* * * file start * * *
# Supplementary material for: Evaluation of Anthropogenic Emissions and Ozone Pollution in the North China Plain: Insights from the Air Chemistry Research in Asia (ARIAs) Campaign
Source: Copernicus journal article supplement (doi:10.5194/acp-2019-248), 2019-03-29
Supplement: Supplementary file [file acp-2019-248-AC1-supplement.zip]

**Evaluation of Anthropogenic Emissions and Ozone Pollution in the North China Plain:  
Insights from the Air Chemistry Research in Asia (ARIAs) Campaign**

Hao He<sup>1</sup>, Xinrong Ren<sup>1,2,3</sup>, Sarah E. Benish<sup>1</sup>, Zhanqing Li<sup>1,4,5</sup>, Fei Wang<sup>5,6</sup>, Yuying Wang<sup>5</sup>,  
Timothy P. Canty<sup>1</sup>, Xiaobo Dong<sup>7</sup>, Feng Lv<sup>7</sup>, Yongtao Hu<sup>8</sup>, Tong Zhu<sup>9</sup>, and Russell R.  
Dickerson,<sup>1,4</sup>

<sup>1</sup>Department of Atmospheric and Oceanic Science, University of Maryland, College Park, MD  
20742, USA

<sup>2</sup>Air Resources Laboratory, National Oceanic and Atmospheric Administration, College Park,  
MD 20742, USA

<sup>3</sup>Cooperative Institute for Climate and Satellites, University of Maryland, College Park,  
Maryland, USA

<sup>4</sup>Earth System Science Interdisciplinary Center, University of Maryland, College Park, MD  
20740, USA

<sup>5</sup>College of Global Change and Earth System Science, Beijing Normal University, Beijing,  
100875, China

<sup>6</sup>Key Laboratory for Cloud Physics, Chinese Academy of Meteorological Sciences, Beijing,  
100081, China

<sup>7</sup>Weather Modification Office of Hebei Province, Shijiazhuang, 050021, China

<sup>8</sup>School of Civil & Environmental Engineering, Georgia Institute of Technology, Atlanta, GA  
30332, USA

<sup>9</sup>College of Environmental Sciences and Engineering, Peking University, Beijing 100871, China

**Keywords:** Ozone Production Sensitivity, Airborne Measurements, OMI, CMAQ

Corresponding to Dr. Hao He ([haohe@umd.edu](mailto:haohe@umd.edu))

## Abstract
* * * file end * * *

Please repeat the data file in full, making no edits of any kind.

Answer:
# Supplementary material for: Evaluation of Anthropogenic Emissions and Ozone Pollution in the North China Plain: Insights from the Air Chemistry Research in Asia (ARIAs) Campaign
Source: Copernicus journal article supplement (doi:10.5194/acp-2019-248), 2019-03-29
Supplement: Supplementary file [file acp-2019-248-AC1-supplement.zip]

**Evaluation of Anthropogenic Emissions and Ozone Pollution in the North China Plain:  
Insights from the Air Chemistry Research in Asia (ARIAs) Campaign**

Hao He<sup>1</sup>, Xinrong Ren<sup>1,2,3</sup>, Sarah E. Benish<sup>1</sup>, Zhanqing Li<sup>1,4,5</sup>, Fei Wang<sup>5,6</sup>, Yuying Wang<sup>5</sup>,  
Timothy P. Canty<sup>1</sup>, Xiaobo Dong<sup>7</sup>, Feng Lv<sup>7</sup>, Yongtao Hu<sup>8</sup>, Tong Zhu<sup>9</sup>, and Russell R.  
Dickerson,<sup>1,4</sup>

<sup>1</sup>Department of Atmospheric and Oceanic Science, University of Maryland, College Park, MD  
20742, USA

<sup>2</sup>Air Resources Laboratory, National Oceanic and Atmospheric Administration, College Park,  
MD 20742, USA

<sup>3</sup>Cooperative Institute for Climate and Satellites, University of Maryland, College Park,  
Maryland, USA

<sup>4</sup>Earth System Science Interdisciplinary Center, University of Maryland, College Park, MD  
20740, USA

<sup>5</sup>College of Global Change and Earth System Science, Beijing Normal University, Beijing,  
100875, China

<sup>6</sup>Key Laboratory for Cloud Physics, Chinese Academy of Meteorological Sciences, Beijing,  
100081, China

<sup>7</sup>Weather Modification Office of Hebei Province, Shijiazhuang, 050021, China

<sup>8</sup>School of Civil & Environmental Engineering, Georgia Institute of Technology, Atlanta, GA  
30332, USA

<sup>9</sup>College of Environmental Sciences and Engineering, Peking University, Beijing 100871, China

**Keywords:** Ozone Production Sensitivity, Airborne Measurements, OMI, CMAQ

Corresponding to Dr. Hao He ([haohe@umd.edu](mailto:haohe@umd.edu))

## Abstract